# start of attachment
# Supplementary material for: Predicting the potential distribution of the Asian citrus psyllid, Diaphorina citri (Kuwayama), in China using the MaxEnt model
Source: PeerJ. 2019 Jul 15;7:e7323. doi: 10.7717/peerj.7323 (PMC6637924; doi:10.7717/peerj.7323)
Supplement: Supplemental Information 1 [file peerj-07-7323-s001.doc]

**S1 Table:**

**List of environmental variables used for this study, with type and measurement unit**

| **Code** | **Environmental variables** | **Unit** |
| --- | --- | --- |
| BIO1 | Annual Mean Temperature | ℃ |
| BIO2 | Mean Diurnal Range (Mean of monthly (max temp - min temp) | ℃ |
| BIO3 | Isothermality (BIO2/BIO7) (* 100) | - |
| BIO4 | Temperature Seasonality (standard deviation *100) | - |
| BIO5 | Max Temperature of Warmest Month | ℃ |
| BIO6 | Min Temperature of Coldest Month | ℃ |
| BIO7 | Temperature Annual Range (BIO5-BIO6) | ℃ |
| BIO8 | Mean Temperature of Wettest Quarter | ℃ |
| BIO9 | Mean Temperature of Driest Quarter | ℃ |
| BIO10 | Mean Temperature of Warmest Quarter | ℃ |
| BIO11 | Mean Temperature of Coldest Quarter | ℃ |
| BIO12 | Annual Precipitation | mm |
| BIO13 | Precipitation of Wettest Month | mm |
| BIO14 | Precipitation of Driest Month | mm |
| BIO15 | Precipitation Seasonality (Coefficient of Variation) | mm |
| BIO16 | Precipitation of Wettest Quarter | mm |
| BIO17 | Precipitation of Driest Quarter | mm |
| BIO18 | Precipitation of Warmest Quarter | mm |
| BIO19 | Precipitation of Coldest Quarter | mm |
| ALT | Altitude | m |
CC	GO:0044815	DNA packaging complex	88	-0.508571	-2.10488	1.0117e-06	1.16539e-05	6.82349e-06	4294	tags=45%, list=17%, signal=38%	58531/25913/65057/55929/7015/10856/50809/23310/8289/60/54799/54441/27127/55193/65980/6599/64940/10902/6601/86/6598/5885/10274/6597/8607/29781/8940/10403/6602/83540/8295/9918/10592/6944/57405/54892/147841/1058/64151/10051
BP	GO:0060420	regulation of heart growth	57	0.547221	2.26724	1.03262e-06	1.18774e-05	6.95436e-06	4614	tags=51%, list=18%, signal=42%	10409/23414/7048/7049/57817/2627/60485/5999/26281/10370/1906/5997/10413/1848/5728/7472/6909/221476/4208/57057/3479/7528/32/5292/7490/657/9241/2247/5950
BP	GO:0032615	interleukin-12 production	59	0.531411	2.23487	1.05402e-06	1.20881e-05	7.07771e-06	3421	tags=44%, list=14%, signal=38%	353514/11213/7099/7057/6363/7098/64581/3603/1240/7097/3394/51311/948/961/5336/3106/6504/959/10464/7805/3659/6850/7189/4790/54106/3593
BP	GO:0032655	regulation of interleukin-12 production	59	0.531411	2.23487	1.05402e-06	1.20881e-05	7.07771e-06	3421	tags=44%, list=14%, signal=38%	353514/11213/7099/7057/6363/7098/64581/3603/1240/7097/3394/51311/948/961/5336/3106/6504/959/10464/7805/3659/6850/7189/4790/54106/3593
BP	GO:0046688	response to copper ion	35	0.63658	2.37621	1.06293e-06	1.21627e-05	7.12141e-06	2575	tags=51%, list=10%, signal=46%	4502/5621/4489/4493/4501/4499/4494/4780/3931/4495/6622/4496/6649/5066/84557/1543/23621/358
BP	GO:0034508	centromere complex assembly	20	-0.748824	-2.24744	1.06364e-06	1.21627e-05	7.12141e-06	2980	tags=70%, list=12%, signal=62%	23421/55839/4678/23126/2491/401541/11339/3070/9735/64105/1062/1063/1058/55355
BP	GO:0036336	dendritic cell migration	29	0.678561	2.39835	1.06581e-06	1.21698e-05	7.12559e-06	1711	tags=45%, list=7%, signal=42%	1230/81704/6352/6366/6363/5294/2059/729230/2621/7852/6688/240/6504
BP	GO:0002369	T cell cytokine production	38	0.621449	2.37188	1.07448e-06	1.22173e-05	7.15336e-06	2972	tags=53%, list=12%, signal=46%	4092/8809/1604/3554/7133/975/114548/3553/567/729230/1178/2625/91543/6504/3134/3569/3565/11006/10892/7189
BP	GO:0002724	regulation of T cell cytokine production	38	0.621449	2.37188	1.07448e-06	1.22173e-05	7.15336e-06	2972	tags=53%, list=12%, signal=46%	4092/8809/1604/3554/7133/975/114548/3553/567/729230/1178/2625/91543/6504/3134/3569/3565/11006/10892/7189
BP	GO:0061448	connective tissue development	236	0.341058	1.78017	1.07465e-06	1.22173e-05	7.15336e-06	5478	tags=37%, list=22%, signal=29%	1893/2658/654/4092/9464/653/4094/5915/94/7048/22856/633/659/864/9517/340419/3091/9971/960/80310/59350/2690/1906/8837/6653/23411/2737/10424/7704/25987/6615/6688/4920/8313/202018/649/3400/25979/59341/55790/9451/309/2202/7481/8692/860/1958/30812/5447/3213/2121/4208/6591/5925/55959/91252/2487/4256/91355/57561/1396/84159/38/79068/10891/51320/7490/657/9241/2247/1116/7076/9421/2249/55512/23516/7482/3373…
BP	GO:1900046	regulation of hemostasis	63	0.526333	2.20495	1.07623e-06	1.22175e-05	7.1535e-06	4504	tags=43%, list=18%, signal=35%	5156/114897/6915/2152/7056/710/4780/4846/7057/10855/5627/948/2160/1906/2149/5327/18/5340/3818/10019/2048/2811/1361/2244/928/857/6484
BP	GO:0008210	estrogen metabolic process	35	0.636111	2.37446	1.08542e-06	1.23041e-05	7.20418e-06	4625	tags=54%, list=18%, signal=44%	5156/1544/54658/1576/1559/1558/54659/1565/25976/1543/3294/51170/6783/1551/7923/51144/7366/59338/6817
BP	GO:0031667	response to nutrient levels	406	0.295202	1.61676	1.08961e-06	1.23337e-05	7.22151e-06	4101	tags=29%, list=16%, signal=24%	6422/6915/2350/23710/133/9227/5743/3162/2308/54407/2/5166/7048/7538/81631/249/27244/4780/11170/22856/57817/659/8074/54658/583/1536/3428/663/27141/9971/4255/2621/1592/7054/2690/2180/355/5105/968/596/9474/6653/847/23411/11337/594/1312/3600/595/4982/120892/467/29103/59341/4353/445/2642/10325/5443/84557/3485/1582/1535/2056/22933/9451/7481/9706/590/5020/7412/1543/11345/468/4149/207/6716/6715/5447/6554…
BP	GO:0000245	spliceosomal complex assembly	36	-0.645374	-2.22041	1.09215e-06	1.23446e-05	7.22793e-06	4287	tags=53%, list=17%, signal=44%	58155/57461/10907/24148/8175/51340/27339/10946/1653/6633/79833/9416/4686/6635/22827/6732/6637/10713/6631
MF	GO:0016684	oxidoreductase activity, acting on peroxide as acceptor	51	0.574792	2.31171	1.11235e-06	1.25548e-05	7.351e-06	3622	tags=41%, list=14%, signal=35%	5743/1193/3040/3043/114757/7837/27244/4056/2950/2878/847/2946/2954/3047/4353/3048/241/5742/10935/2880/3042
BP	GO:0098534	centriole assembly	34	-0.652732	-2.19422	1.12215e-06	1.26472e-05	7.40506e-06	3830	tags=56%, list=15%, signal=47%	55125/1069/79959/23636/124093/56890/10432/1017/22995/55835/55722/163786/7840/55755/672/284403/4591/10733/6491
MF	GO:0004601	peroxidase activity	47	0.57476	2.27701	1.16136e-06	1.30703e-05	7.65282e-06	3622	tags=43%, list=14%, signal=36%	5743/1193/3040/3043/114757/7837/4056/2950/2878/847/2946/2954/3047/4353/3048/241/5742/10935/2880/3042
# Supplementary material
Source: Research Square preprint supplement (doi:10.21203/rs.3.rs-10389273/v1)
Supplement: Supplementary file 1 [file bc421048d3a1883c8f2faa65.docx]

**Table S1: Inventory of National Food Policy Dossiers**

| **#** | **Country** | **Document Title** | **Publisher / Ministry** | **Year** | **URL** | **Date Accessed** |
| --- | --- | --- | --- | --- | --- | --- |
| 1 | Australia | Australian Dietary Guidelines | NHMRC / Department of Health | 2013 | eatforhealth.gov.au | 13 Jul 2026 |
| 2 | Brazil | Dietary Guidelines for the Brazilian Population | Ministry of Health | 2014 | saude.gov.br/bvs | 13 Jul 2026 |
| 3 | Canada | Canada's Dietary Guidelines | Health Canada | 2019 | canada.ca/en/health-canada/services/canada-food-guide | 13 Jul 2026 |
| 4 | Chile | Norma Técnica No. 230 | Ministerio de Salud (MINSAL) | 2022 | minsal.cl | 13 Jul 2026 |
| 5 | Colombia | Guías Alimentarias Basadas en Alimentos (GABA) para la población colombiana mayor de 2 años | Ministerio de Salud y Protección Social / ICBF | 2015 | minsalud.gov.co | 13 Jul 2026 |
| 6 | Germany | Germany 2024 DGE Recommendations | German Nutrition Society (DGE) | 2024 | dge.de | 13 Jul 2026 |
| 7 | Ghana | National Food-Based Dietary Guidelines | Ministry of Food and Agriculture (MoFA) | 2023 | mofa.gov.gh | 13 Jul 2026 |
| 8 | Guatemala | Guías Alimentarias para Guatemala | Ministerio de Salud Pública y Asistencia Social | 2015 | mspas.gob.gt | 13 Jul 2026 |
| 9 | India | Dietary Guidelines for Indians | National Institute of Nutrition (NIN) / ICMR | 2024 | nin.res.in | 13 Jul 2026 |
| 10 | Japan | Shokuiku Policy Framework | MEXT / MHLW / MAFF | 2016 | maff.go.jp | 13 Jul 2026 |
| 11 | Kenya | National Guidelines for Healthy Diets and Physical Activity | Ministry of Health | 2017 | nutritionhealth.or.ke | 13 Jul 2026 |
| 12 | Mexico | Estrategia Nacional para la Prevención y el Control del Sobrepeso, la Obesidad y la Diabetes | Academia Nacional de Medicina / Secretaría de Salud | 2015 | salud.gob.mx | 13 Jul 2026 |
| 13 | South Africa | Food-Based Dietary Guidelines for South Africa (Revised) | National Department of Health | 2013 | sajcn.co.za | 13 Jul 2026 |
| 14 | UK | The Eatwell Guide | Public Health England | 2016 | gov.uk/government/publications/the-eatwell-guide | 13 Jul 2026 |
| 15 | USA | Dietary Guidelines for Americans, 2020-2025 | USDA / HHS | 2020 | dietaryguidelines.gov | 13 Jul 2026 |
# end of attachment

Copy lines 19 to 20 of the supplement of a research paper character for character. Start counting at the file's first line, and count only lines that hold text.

| BIO12 | Annual Precipitation | mm |
| BIO13 | Precipitation of Wettest Month | mm |